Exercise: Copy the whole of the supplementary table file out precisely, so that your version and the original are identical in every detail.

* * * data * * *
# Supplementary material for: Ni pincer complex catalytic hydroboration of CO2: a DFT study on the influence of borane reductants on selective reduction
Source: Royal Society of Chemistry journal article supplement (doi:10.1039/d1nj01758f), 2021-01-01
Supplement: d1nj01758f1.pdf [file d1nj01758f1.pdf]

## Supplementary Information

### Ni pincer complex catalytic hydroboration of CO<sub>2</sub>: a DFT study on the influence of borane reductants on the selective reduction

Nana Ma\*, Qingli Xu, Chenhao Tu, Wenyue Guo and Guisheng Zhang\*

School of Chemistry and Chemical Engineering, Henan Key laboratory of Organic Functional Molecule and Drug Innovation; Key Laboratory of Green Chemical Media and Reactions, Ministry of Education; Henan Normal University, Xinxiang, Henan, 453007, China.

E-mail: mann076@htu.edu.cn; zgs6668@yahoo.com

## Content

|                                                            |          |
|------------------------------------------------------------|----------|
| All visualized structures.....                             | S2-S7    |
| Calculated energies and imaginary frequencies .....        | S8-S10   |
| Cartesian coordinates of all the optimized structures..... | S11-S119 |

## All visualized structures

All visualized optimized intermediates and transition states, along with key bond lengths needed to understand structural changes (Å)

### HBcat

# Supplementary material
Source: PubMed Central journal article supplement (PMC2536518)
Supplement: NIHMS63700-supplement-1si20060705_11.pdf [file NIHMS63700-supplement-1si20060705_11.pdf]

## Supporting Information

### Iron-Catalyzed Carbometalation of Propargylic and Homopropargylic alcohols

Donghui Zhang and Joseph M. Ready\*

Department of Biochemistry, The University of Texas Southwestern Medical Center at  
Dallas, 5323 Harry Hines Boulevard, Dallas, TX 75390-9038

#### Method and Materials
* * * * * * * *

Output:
# Supplementary material for: Ni pincer complex catalytic hydroboration of CO2: a DFT study on the influence of borane reductants on selective reduction
Source: Royal Society of Chemistry journal article supplement (doi:10.1039/d1nj01758f), 2021-01-01
Supplement: d1nj01758f1.pdf [file d1nj01758f1.pdf]

## Supplementary Information

### Ni pincer complex catalytic hydroboration of CO<sub>2</sub>: a DFT study on the influence of borane reductants on the selective reduction

Nana Ma\*, Qingli Xu, Chenhao Tu, Wenyue Guo and Guisheng Zhang\*

School of Chemistry and Chemical Engineering, Henan Key laboratory of Organic Functional Molecule and Drug Innovation; Key Laboratory of Green Chemical Media and Reactions, Ministry of Education; Henan Normal University, Xinxiang, Henan, 453007, China.

E-mail: mann076@htu.edu.cn; zgs6668@yahoo.com

## Content

|                                                            |          |
|------------------------------------------------------------|----------|
| All visualized structures.....                             | S2-S7    |
| Calculated energies and imaginary frequencies .....        | S8-S10   |
| Cartesian coordinates of all the optimized structures..... | S11-S119 |

## All visualized structures

All visualized optimized intermediates and transition states, along with key bond lengths needed to understand structural changes (Å)

### HBcat

# Supplementary material
Source: PubMed Central journal article supplement (PMC2536518)
Supplement: NIHMS63700-supplement-1si20060705_11.pdf [file NIHMS63700-supplement-1si20060705_11.pdf]

## Supporting Information

### Iron-Catalyzed Carbometalation of Propargylic and Homopropargylic alcohols

Donghui Zhang and Joseph M. Ready\*

Department of Biochemistry, The University of Texas Southwestern Medical Center at  
Dallas, 5323 Harry Hines Boulevard, Dallas, TX 75390-9038

#### Method and Materials